• September 2009
  • Vol. 10, No. 7

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Texas Shines in Educational Services

Texas' most recent Federal Child and Family Services Review (CFSR) demonstrated that the State's extensive efforts to improve educational outcomes for children and youth in the child welfare system have paid off. After Texas' first CFSR in 2002 indicated that too many youth involved with child welfare also experienced school-related challenges, the Department of Family and Protective Services (DFPS) developed a comprehensive plan to address both the assessment of educational needs and the provision of education services. The result was a jump from the 85-percent rating of 2002 to a 97-percent rating of "strength" for "educational needs of the child" when the 2008 CFSR was completed.

Between the 2002 and 2008 CFSRs, DFPS implemented a number of initiatives aimed at challenges related to educational advocacy, school record maintenance, and data collection and monitoring. Stakeholders around the State—including from the courts, parent and foster parent groups, community resources, and the school system—as well as Casey Family Programs (which started providing technical assistance prior to the first CFSR), worked with DFPS to develop a series of strategies to ensure the best educational outcomes for children and youth in foster care. The youth voice was especially important in this process, as youth in foster care spoke out about the importance of school and school activities for their well-being. Three of the most significant initiatives were the following:

  • Texas created Education Specialists in each of its 11 regions and at the State level. The Education Specialist is the local expert and vital link between the child welfare and education systems. The regional Education Specialist serves as a resource for the frontline caseworker in the development of children's education plans and helps resolve problems. The Education Specialist at the State level develops statewide policy and provides additional resources to support efforts to improve education outcomes for youth.
  • All children in legal custody of the child welfare system (conservatorship) have an education portfolio. The portfolio is a hard-copy notebook that can contain all of a child's educational records, including report cards, transcripts, educational plans, and other vital records. Caregivers keep the portfolio up to date, and caseworkers keep copies of portfolio items. When youth change placements and/or leave foster care, their portfolio goes with them.
  • The importance of children's educational outcomes is highlighted in DFPS training and monitoring. Internal stakeholders, such as CPS staff and caseworkers, and external stakeholders—such as foster parents, court-appointed special advocates, school personnel, and judges—receive training on educational advocacy, resources, and services. The youth voice is a key part of that training. In addition, monitoring children's education experiences and outcomes remains a high priority for DFPS, as executive staff use the data to evaluate their efforts and plan new initiatives.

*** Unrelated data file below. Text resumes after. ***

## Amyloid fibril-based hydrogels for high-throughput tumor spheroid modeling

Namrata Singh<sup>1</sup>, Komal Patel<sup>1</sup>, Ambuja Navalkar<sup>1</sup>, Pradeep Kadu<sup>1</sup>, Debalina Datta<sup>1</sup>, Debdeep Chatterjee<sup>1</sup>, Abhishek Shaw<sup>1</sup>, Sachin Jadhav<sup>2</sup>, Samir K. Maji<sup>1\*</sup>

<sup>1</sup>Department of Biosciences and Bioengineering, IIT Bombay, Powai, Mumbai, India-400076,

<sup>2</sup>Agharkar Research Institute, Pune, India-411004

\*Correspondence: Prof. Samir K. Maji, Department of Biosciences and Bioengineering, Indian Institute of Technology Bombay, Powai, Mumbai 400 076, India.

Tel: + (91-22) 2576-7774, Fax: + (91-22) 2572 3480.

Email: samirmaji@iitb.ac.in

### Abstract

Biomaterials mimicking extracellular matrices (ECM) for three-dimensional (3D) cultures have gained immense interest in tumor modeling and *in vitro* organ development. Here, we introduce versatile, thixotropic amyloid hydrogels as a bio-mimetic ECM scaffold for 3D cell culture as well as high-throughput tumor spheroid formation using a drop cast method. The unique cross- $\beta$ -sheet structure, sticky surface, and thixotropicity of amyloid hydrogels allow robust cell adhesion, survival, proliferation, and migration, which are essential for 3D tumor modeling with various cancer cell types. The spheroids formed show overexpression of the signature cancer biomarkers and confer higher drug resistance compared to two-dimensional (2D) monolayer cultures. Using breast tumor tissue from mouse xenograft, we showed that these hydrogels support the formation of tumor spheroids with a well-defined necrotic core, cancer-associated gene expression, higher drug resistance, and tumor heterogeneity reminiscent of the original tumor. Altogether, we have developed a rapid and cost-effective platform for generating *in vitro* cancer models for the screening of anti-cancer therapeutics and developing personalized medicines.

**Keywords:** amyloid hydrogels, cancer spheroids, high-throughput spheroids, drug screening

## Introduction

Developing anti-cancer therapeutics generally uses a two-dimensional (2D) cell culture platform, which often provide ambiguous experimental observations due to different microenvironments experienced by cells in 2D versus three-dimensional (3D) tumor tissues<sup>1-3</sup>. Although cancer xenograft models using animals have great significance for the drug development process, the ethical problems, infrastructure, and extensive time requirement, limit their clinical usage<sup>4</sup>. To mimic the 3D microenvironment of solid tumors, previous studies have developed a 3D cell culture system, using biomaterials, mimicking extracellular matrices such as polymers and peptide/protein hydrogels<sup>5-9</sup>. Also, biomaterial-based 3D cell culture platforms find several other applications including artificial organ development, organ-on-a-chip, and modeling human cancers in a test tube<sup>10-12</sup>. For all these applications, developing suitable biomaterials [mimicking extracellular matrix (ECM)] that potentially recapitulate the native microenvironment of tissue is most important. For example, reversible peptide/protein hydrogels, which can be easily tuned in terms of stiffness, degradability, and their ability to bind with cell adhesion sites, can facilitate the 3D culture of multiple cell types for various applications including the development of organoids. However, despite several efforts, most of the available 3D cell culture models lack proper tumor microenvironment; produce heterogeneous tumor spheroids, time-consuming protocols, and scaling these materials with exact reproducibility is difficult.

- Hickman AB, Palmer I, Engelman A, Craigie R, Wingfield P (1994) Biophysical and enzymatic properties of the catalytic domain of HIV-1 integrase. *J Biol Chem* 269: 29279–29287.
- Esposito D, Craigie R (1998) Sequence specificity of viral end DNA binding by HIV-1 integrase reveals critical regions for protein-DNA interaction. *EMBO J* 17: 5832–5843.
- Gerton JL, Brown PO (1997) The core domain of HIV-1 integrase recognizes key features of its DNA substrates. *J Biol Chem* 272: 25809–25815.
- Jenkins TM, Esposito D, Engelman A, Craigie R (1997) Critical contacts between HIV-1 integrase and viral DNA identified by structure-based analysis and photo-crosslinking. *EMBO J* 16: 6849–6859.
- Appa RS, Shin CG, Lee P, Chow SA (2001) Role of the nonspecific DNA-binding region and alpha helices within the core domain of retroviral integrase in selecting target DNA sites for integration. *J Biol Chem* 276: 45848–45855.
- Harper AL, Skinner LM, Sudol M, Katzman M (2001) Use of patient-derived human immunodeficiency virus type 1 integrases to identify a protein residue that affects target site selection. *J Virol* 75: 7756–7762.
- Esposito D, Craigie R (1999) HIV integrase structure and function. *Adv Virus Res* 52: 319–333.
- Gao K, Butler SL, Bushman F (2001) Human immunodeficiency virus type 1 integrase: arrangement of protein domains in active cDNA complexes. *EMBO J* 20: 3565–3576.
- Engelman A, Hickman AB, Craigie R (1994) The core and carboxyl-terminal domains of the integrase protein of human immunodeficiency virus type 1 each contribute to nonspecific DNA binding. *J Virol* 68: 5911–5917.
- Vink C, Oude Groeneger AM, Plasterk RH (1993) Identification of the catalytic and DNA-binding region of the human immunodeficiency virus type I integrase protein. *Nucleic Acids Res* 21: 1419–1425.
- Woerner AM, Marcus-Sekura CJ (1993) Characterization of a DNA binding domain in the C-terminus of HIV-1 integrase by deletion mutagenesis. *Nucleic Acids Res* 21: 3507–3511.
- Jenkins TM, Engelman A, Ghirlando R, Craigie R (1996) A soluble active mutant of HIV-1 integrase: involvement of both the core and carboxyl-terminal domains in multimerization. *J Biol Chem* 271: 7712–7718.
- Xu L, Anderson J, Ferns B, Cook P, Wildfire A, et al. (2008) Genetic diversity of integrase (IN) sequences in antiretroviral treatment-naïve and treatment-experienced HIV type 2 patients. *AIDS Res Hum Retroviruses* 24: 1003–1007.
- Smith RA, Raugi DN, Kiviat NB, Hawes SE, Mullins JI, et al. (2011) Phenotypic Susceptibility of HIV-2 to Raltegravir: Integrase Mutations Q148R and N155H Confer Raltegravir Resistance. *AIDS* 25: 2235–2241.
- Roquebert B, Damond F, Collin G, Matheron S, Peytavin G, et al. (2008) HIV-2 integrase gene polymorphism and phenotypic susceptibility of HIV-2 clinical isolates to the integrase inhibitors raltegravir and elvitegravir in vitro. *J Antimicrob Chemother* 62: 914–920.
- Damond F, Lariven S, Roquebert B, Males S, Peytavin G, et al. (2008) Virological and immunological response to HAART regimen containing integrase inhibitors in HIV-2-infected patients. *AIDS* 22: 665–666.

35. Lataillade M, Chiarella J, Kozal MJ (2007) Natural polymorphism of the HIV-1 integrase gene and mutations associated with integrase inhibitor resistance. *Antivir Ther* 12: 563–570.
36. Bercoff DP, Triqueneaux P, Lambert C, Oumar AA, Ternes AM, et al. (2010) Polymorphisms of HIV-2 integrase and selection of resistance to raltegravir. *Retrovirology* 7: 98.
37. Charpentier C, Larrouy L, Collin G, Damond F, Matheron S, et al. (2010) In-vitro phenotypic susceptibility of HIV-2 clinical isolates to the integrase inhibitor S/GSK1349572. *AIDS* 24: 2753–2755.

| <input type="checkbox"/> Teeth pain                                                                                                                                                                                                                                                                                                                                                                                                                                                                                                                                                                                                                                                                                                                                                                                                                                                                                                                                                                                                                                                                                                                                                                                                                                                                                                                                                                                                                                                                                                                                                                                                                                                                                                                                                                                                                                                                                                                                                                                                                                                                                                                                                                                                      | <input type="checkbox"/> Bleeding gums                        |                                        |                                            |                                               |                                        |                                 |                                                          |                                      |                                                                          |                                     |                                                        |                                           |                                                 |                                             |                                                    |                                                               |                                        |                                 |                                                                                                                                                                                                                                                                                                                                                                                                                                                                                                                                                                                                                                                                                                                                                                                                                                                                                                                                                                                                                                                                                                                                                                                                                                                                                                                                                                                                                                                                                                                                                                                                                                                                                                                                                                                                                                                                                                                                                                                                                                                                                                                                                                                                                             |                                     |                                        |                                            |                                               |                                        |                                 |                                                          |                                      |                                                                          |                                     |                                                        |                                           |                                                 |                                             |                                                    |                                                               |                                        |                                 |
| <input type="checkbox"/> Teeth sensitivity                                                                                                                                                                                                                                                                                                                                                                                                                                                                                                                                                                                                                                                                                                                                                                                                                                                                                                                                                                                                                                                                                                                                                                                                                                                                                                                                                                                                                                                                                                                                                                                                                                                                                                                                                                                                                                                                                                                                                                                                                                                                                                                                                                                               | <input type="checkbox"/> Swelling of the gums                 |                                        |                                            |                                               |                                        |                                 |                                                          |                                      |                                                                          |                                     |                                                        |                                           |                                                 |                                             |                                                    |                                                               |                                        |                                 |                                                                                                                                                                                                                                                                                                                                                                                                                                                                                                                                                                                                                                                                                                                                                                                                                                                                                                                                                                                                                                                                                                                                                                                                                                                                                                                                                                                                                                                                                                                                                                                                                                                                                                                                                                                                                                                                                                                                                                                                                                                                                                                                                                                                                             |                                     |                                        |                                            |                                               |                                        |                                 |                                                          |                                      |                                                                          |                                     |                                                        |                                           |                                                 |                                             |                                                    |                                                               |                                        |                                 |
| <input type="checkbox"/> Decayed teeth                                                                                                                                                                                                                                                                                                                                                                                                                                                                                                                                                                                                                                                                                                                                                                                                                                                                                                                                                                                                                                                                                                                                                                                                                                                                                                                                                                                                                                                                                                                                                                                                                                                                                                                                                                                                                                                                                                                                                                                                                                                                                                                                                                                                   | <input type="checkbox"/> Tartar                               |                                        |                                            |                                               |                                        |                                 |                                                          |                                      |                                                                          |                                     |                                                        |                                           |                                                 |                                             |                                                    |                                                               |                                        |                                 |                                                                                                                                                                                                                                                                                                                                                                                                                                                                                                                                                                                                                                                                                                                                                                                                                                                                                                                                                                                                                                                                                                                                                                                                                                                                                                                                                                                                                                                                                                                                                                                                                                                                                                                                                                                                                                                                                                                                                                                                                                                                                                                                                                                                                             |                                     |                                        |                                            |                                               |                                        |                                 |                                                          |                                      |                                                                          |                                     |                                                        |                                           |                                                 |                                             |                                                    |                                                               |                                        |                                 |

Texas also has made significant strides in providing youth with educational opportunities beyond high school. All youth who age out of foster care are eligible for a tuition/fee waiver to any of the State's public colleges and universities. This opportunity, mandated by the Texas Legislature, was recently expanded to include youth who leave foster care to permanent placement with a relative—which is consistent with provisions in the newly enacted Fostering Connections to Success and Increasing Adoptions Act of 2008. To ensure that youth who have been in foster care are ready for college, community colleges around the State reach out to high school students to offer tutoring and mentoring, "college readiness" camps, and other opportunities to prepare for college. For example, the Austin Community College system has a counselor identified as "Campus Champion" to provide one-on-one support to former foster youth to address their specialized legal, medical, housing, and financial needs.

Even with these gains in education outcomes, Texas DFPS realizes that challenges remain. One of these is the lack of placement stability that many children experience—a challenge that makes it difficult to keep children in their home schools. To address this, DFPS is focusing on strengthening placement capacity so that resource families are located where they are most needed and able to meet specialized needs. Other areas of focus in Texas include data sharing with the statewide education system, addressing education needs of incarcerated youth, ensuring that children in in-home cases receive appropriate assessments and services, accessing pre-kindergarten for eligible children, and continuing to incorporate the youth voice in training and policy.

For more information on Texas' 2008 CFSR, visit the DFPS website:

www.dfps.state.tx.us/About/Title_IV-B_State_Plan/2008_State_Plan/default.asp

For information on how the Austin Community College system supports former foster youth, visit the website:

www.austincc.edu/fca

Many thanks to Liz Kromrei, Texas CPS Director of Services, and Kristine Mohajer, State Education Specialist, for providing the information for this article.

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